I'm not sure whether this is the correct site to ask this question, but why does it sometimes (game-specific, usually) take really long to enter / exit a fullscreen game (black screen for ~1-5s)? And why don't we have these problems for example when entering a Windows 8 fullscreen app?

  • \$\begingroup\$ And where do you have those problems? \$\endgroup\$
    – wondra
    Commented Sep 1, 2014 at 16:21
  • \$\begingroup\$ There's no problem, I'm just curious as to why this usually takes quite some time for a seemingly simple transition. \$\endgroup\$ Commented Sep 1, 2014 at 18:16

3 Answers 3


There are multiple points that come into play:

  1. Switching from windowed to full-screen mode often involves recreating some rendering / drawing contexts which simply needs some time to do some "administrative" tasks, such as allocating memory. This may also involve finding a matching resolution that works (e. g. see the documentation for this D3D9 method) plus the time the monitor itself needs to adjust internally to this new set resolution.

  2. As a result of #2, some assets may need to be reloaded which takes time.

  3. Finally, based on the new rendering contexts and the assets, the scene needs to be rendered again. The rendering itself should not take long [*] but the setup might, for example if a complete scene-graph systems needs to be repopulated from the previous state.

[*] On the one hand, full screen mode usually involves more pixels to be rendered on. On the other hand, an application running in full-screen mode has a more exclusive/direct access to the rendering devices, which should speed up things again. See also this answer on Arcade.SE. All depends on the application and the chosen screen resolution, but in the end should play no major role for the actual switching time between the two states.

  • \$\begingroup\$ In addition, if the resolution is changed, the monitor may also take a while to do the actual switching. On my machine this is the major factor when it comes to switching from windowed to fullscreen with a non native resolution. \$\endgroup\$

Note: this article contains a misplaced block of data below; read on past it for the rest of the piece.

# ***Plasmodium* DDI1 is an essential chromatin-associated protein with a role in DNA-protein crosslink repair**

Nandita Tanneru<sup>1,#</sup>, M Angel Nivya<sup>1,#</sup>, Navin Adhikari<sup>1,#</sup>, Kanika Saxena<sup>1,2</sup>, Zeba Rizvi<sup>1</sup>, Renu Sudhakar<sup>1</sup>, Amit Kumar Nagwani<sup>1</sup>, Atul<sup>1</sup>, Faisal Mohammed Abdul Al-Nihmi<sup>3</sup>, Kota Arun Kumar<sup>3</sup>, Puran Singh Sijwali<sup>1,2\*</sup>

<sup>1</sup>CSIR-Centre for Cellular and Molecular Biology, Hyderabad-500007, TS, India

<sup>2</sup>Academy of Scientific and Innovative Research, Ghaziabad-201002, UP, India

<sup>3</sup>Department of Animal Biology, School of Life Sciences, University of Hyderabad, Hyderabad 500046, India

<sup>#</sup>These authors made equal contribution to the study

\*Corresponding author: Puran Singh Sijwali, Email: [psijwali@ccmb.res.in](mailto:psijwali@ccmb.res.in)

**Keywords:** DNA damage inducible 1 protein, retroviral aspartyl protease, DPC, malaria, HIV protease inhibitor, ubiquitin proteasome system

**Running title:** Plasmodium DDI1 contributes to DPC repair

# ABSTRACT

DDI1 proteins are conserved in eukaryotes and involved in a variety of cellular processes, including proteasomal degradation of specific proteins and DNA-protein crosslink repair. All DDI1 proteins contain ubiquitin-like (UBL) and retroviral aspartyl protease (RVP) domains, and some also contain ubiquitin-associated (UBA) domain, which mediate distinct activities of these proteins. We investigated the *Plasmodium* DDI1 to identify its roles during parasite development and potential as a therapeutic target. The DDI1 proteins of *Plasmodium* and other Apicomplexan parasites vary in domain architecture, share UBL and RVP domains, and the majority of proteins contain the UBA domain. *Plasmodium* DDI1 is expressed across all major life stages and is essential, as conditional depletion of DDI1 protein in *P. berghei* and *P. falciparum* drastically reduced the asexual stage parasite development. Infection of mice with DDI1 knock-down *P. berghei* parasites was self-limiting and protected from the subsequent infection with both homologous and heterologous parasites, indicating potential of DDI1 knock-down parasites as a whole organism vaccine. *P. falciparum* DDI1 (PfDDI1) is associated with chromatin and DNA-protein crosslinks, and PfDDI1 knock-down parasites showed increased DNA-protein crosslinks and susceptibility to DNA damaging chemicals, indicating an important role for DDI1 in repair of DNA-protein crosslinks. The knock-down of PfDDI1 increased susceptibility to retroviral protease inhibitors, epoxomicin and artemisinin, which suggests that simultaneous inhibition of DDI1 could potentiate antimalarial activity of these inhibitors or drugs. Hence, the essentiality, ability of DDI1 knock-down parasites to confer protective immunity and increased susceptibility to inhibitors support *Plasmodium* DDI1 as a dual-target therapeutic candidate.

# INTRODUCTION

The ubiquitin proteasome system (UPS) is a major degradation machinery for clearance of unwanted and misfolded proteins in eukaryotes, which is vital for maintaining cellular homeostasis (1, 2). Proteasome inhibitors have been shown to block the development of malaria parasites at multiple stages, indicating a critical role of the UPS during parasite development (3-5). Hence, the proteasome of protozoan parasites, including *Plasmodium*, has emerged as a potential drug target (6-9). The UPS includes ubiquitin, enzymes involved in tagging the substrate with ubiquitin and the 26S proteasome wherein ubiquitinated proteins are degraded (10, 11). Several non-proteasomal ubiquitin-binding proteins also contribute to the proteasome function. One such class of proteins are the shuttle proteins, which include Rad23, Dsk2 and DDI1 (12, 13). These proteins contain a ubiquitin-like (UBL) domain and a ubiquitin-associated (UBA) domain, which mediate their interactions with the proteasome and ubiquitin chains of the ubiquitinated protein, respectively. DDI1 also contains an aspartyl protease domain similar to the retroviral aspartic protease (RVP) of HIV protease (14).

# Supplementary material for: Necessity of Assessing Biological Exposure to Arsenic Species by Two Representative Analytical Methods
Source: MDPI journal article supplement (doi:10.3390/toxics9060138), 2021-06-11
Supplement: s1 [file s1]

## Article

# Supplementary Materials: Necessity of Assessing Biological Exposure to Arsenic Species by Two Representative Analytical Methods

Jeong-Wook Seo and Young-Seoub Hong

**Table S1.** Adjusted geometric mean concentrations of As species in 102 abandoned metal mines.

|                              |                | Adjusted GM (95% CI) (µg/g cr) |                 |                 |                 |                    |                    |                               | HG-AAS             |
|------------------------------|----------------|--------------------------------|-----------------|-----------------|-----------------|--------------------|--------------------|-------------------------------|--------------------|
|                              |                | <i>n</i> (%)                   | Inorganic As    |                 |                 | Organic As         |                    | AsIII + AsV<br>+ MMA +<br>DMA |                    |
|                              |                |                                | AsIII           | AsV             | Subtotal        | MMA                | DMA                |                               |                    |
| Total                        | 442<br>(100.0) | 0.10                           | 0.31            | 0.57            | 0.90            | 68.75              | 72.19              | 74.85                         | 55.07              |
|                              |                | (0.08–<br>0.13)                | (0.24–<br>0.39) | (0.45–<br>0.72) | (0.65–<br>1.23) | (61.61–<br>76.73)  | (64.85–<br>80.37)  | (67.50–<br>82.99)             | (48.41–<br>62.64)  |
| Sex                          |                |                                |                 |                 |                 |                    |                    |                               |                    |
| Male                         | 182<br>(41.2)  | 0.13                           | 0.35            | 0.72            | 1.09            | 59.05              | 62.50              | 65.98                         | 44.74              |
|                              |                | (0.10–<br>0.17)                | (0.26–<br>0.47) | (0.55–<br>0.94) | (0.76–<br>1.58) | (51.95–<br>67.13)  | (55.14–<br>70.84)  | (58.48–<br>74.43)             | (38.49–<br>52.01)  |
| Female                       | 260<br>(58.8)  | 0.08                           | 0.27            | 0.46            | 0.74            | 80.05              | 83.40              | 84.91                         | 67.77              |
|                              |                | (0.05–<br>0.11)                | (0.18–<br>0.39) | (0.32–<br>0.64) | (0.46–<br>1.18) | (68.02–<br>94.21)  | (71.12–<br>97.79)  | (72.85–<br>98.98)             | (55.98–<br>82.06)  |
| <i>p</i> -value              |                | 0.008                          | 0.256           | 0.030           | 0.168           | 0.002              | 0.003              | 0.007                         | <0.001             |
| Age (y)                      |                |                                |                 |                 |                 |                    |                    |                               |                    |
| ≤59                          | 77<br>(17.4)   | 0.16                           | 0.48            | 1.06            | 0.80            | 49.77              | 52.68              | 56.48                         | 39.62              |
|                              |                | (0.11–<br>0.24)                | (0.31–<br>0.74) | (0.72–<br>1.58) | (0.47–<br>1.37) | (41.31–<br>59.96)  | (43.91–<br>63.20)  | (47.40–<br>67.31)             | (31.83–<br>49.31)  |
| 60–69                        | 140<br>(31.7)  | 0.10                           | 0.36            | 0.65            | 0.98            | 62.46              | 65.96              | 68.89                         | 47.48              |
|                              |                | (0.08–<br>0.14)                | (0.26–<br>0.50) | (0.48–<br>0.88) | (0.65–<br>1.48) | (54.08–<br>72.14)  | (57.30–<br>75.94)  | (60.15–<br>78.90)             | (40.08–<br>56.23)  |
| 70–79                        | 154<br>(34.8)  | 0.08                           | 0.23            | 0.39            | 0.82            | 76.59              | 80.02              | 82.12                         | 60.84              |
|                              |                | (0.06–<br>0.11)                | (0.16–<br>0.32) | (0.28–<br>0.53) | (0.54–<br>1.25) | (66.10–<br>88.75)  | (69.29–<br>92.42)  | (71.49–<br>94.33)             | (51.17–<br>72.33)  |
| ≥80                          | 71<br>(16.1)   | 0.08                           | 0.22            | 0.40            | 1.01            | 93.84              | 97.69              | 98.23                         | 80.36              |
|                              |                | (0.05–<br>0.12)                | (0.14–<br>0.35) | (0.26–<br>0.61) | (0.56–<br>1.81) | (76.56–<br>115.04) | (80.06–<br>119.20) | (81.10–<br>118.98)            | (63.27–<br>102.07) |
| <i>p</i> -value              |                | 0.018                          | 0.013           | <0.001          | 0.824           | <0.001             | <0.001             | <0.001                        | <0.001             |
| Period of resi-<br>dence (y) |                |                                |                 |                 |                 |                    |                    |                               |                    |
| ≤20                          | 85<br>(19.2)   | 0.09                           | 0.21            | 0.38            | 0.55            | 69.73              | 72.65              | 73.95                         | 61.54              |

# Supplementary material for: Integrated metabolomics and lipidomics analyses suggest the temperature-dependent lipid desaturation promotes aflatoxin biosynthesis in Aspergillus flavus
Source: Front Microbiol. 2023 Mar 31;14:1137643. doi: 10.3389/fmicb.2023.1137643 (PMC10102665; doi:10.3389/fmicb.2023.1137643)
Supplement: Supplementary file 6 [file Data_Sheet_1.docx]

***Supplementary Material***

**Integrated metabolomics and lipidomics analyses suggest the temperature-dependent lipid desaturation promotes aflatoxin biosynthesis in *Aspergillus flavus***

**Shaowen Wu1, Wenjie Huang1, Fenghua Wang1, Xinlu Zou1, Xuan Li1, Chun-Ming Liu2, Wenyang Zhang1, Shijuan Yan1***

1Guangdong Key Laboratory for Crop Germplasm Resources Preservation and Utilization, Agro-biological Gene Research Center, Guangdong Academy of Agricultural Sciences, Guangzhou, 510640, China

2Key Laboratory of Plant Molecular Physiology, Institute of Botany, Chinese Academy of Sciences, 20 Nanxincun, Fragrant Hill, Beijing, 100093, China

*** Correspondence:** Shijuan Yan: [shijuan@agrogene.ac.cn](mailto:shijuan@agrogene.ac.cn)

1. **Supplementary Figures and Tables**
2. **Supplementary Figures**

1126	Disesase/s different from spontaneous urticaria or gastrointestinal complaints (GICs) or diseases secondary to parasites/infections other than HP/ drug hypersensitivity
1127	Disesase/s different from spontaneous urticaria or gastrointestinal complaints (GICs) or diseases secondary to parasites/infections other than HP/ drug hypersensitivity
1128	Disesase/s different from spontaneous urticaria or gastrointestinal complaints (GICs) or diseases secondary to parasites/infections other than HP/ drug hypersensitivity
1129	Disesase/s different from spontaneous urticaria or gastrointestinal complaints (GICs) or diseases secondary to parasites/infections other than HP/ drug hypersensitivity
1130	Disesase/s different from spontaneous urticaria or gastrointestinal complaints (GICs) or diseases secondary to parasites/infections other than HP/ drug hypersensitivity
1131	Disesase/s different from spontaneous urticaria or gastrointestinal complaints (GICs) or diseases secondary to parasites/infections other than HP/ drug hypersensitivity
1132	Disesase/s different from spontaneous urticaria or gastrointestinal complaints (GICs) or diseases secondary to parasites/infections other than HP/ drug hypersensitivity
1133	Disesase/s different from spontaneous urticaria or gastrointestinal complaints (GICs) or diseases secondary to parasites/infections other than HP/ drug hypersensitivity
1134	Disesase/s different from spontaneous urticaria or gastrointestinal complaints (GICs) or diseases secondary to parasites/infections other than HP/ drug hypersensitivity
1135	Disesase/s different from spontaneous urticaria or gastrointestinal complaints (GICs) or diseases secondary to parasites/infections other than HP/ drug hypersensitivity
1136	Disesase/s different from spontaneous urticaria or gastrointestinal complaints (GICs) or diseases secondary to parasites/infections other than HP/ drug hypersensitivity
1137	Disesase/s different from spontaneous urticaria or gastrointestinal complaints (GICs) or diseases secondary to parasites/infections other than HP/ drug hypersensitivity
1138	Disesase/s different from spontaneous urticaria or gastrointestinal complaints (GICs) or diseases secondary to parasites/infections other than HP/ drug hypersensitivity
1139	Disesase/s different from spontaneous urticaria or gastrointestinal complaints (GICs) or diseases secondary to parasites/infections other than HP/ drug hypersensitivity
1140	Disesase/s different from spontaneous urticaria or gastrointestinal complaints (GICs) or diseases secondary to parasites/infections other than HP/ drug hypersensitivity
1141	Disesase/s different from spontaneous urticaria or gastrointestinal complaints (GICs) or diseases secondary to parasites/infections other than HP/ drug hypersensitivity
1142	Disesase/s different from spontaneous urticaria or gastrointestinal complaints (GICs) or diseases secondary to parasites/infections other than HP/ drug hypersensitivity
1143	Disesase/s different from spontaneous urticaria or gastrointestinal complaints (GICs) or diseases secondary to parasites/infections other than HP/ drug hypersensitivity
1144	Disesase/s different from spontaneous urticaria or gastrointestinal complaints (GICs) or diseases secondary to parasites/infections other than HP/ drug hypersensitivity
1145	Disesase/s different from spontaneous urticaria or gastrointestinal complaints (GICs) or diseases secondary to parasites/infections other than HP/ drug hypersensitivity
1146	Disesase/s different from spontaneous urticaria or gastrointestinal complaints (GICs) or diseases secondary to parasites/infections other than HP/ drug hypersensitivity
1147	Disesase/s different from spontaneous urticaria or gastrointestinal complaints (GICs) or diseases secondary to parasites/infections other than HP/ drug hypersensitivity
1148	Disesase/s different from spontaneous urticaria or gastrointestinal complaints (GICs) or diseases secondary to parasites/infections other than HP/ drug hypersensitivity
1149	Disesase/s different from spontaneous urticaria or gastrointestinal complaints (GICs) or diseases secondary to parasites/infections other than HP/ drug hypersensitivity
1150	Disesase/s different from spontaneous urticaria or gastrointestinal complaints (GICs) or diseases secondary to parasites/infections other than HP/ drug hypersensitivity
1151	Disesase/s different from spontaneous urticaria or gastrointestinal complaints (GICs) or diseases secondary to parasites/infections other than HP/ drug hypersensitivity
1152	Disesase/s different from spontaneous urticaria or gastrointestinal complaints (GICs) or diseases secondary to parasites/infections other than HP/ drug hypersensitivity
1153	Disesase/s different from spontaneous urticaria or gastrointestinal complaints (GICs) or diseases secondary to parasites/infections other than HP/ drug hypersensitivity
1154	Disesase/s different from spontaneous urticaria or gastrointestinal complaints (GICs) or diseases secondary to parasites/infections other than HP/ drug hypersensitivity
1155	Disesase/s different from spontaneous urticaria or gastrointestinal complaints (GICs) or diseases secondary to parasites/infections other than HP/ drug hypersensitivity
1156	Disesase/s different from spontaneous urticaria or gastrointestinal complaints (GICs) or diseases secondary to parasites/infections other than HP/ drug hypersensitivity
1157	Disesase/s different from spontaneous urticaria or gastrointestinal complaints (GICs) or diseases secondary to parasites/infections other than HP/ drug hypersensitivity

– rioki
    Commented Sep 2, 2014 at 13:15

I would say that the most time-consuming task that needs to happen in most games is recreating video memory resources (textures, render targets, meshes) in response to a "device lost" event (note that this is specific to Direct3D 9 and earlier).

Taken from MSDN: http://msdn.microsoft.com/en-us/library/windows/desktop/bb174714%28v=vs.85%29.aspx#Resources

The device makes a transition to the lost state when an event, such as the loss of keyboard focus in a full-screen application, causes rendering to become impossible. (...) A lost device must re-create resources (including video memory resources) after it has been reset. (...) If the device can be restored, the application prepares the device by destroying all video-memory resources and any swap chains.

Direct3D 10+ applications don't have this concept of a lost device state, and avoid most of this bookkeeping work in the process, I believe by virtue of the fact that the WDDM implements "virtual memory" for video RAM. That might explain why you wouldn't see this behavior in Metro applications.


In a game it needs to re-render all the things on screen, it also needs to recalculate the position on screen... Stuff like that. In a "simple" app, it just re-draws some stuff (buttons, text-fields...), and it's done. I think that may answer your question.

  • 2
    \$\begingroup\$ A game continuously recalculates the positions of things on screen, but it does it in real time. Why would changing resolutions make it take so much longer? \$\endgroup\$ Commented Sep 1, 2014 at 19:52
  • \$\begingroup\$ Because at higher resolution it needs to redraw more pixels. For example, it redraws 640*480 pixels at windowed mode, but at fullscreen it needs to redraw 1920*1080. And (as far as I know), some games re-calculate position of object on screen only if some change happens, like if player moves camera. However, as you may think, I may have missed some information and thus I may be completely wrong. \$\endgroup\$
    – Mr. Nerd
    Commented Sep 5, 2014 at 13:05

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